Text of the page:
The units is always MB, and the resource mapper will tell you if you asked for too much or you have exhausted the amount on memory available on the node. This is especially important on Emulab's shared nodes, where you are competing with other experiments for resources on the same physical host.

Controlling disk space

Each XEN guest is given enough disk space to hold the requested image. Most Emulab images are built within a 6GB or 16GB partition, with about 25-50% of the disk space used by the operating system files. If the remaining space is not enough for your needs, you can request additional disk space with the following NS statement:

$mynode  add-attribute XEN_EXTRAFS 5

The units is always GB, and at this time we enforce a hard limit of 10GB.  As with Emulab physical nodes, the extra disk space will appear in the fourth slice of your guest's disk. You can turn this extra space into a useable file system by logging into your guest and doing:

mynode> sudo mkdir /dirname
mynode> sudo /usr/local/etc/emulab/ /dirname

Creating a custom image

Emulab allows you to create a Custom OS Image of a virtual node, much like you are able to create a custom image to run on a physical node. Your custom image is saved and loaded in much the same way as described for physical nodes in the tutorial.

The difference is in how you create the image after you have setup your virtual node the way you want it. Once you are ready, go to the Show Experiment page for your experiment, and click on the node you want to save. One of the menu options is "Create a Disk Image". Click on that link and follow the instructions. If you are customizing one of the Emulab provided images for the first time, you will need to complete the form and click submit. If you updating your own image, then you just need to click on the confirmation button.

For all practical concerns, a disk image created from a XEN node may also be run on a bare metal node. You might need to edit the image descriptor in the web interface, to add the required node types, but in general images are interchangeable. You may also click on the whole disk image on the web form, which will create an image that includes your extra file system (see above).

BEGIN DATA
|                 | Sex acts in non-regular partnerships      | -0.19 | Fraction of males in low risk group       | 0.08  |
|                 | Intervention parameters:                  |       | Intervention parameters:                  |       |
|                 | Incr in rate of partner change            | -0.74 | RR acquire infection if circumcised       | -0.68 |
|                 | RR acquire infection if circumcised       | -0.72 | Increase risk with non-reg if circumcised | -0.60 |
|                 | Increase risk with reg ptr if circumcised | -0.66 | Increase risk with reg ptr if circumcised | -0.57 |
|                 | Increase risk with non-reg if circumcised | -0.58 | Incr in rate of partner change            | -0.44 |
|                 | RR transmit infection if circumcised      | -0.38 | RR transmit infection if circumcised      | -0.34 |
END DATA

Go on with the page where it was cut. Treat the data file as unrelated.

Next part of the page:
Link shaping of virtual links is done using tc running in dom0, which is a variant of Emulab's end node shaping. Note that you cannot dynamically modify link shaping parameters.

Controlling Xen VM's

If you are using Emulab's shared nodes, you can ignore this section; users are not able to log into the physical host (dom0).

When dom0 has booted up you can ssh directly to it and use either Emulab commands or Xen commands to control the domU's. These need to be run with root priveleges (use sudo). Some helpful Emulab commands:

    # Halt all vnodes
    /usr/local/etc/emulab/bootvnodes -h

    # Boot all vnodes
    /usr/local/etc/emulab/bootvnodes -b

    # Kill all vnodes (destroy virtual disks after halting)
    /usr/local/etc/emulab/bootvnodes -k

Some helpful Xen commands:

    # Start a domU
    /usr/sbin/xl create <some-config-file>

    # Halt a vm (clean shutdown)
    /usr/sbin/xl shutdown <vm name>

    # Kill a vm (unclean shutdown)
    /usr/sbin/xl destroy <vm name>

    # List all vm's
    /usr/sbin/xl list

    # Connect to the console of a vm
    /usr/sbin/xl console <vm name>

Modifying Xen VM instances

Xen VM's use a configuration file to specify various attributes about their setup. Once dom0 has booted you can modify these configuration files as you like. The configuration files live in /var/emulab/vms/<vm-name>/xm.conf. Typical things to modify are the kernel and memory size. It is possible to modify the disk sizes as well but you have to use LVM commands directly and usually you have to create all the disks at once.

Any changes will not be persisted across reboots of dom0 (or use of the bootvnodes command above), so save your changes somewhere if you need them.

Windows on Xen

In theory, yes. In practice, not yet.


No doubt.

Implementation details and other info

Building xen from source